My thoughts on the weekend storm from yesterdays posting has not changed a lot, but there are some minor changes. That storm is now west of Oregon and moving south. By the way, it is nice to see GOES 15 back up and running this afternoon.
Here are the changes from yesterday:
-A little slower arrival time of the rain for interior central and all of Southern California. Models are pretty close now. Looks like rain arrives in interior central California in the first few hours after sunrise Sunday and the same goes for places like Ventura county. Rain should arrive in the morning across Los Angeles county and spread east and south, arriving no later than early afternoon southern Orange County to San Diego county and the Inland Empire.
-Snow levels will not be quite as low as thought yesterday though all the ski resorts should still pick up the amount of snow I said. Snow level in the Sierra will start out around 5,000 to 5,500 feet then drop to 4,000 feet at night (after the heaviest precipitation has moved away). In Southern California, the snow level starts out at 6,000 feet or a little higher, then drops sown to 4,500 to 5,000 feet at night. This should mean no travel problems over the Southern California passes.
-The storm is mostly over Monday though a couple of morning showers linger over the Sierra, San Diego county and north-facing mountain slopes in Southern California.
NASCAR is in Southern California this weekend at the Auto Club Speedway in Fontana. Races Friday night and Saturday will be fine. But the big race on Sunday, The Auto Club 400, is going to run into wet weather problems. Of this I have no doubt, the race starts at noon. It will be close but there is the chance it may not be raining right at noon. But it will start to rain during the race and hard enough to cause some major headaches for race officials.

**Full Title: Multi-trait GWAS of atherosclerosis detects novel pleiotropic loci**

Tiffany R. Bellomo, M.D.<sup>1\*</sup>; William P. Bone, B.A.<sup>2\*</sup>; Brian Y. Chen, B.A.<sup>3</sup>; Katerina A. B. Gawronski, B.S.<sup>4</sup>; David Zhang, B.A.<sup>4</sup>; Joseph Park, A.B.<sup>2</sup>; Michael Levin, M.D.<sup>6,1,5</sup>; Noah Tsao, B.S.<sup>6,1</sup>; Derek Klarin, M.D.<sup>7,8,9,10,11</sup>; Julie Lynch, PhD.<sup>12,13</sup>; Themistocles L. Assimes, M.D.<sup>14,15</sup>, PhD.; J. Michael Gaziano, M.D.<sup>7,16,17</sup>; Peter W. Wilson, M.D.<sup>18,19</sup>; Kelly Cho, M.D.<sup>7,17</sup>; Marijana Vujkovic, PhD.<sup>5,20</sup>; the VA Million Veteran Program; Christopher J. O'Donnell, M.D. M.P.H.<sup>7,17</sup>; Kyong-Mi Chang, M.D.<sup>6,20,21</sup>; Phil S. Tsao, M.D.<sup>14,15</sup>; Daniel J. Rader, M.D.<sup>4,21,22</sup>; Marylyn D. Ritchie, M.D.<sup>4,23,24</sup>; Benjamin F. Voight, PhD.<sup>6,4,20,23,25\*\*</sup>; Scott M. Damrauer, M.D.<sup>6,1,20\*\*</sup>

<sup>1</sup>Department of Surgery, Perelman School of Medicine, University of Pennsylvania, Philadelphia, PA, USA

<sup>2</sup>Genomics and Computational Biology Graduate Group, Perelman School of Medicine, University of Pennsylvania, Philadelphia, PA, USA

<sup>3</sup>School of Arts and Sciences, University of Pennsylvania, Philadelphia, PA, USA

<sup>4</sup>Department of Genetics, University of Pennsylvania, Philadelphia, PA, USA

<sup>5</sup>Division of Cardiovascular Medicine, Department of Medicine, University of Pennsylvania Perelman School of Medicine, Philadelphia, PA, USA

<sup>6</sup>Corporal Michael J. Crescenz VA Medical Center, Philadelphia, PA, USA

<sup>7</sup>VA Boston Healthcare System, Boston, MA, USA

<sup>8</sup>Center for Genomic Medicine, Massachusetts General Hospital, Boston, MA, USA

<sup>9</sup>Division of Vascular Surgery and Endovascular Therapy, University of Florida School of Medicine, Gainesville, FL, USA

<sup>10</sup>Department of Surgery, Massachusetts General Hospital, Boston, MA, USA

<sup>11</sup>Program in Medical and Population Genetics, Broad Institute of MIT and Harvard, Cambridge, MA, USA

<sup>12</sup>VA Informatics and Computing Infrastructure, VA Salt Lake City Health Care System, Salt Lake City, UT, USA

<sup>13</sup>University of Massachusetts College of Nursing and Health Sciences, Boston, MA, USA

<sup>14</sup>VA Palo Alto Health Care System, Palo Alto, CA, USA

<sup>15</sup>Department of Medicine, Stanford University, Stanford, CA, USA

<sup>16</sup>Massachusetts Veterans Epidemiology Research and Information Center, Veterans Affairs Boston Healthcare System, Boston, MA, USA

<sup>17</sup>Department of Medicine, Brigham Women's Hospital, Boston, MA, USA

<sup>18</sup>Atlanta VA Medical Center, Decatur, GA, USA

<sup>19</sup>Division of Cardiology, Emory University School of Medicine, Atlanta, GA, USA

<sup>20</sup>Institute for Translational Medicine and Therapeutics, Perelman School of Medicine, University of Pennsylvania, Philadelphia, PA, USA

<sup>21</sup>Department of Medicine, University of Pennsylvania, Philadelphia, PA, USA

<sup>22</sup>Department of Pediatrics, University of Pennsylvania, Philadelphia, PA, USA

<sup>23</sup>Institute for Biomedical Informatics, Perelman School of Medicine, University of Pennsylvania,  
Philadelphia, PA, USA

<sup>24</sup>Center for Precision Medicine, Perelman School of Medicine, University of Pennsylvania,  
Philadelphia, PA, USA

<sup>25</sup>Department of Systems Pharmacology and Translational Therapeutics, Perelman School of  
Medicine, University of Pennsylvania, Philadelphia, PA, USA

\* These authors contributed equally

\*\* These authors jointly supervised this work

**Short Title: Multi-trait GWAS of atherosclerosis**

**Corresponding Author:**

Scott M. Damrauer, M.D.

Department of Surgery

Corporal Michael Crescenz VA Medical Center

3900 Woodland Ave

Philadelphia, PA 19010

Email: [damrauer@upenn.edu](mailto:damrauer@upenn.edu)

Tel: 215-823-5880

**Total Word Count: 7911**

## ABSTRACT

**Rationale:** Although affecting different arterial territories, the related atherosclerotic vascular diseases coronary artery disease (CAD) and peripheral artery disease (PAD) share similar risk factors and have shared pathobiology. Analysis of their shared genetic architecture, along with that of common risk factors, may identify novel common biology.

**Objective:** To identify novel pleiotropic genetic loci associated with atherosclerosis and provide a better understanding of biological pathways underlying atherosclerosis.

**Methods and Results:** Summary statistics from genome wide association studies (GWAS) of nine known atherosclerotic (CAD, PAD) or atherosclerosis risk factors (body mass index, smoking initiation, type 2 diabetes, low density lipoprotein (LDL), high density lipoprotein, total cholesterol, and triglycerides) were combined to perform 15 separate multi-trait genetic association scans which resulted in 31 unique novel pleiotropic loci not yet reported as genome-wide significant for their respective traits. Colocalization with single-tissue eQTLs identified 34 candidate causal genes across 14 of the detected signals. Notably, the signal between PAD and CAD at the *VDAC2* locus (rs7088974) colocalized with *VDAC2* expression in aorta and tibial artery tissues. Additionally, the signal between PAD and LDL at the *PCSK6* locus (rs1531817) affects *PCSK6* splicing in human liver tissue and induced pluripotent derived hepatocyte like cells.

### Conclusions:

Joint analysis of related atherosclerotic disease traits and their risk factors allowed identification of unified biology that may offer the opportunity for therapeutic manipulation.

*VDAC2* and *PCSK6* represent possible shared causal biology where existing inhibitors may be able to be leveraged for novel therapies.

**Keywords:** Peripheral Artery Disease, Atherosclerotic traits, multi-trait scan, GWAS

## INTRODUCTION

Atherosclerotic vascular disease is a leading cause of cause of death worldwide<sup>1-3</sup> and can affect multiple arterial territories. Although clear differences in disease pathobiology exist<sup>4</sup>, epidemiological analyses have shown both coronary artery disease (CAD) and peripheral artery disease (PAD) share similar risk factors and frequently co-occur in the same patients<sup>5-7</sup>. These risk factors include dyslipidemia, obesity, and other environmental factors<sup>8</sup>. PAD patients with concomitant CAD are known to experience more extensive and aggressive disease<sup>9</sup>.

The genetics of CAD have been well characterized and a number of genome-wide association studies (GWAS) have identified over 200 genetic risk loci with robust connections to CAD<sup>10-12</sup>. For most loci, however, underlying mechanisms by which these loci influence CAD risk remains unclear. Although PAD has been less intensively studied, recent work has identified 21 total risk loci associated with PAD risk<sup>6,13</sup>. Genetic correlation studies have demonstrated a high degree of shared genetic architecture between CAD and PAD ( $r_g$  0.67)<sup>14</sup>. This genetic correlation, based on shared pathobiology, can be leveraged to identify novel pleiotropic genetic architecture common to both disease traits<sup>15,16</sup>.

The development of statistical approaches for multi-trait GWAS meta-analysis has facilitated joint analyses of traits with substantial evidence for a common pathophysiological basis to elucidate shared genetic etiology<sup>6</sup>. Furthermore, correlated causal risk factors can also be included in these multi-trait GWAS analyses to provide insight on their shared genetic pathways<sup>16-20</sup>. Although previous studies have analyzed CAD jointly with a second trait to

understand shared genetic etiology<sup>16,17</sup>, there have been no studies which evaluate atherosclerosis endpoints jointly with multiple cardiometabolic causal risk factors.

A prolonged rain-free pattern is setting in.
By this time in 1998 there was twice as much rain that had occurred to date compared to 2015-2016.
Could an unusual El Nino precipitation pattern be as simple as looking at the state of water temperatures?
One thing that I find interesting is that the pattern since fall has not been your typical El Nino storm pattern.
There are signs of a possible stormier pattern beginning the week of Jan. 18.
The cumulative effect of the series of storms will mean flooding, mudslides and debris flows are going to be a problems for much of the week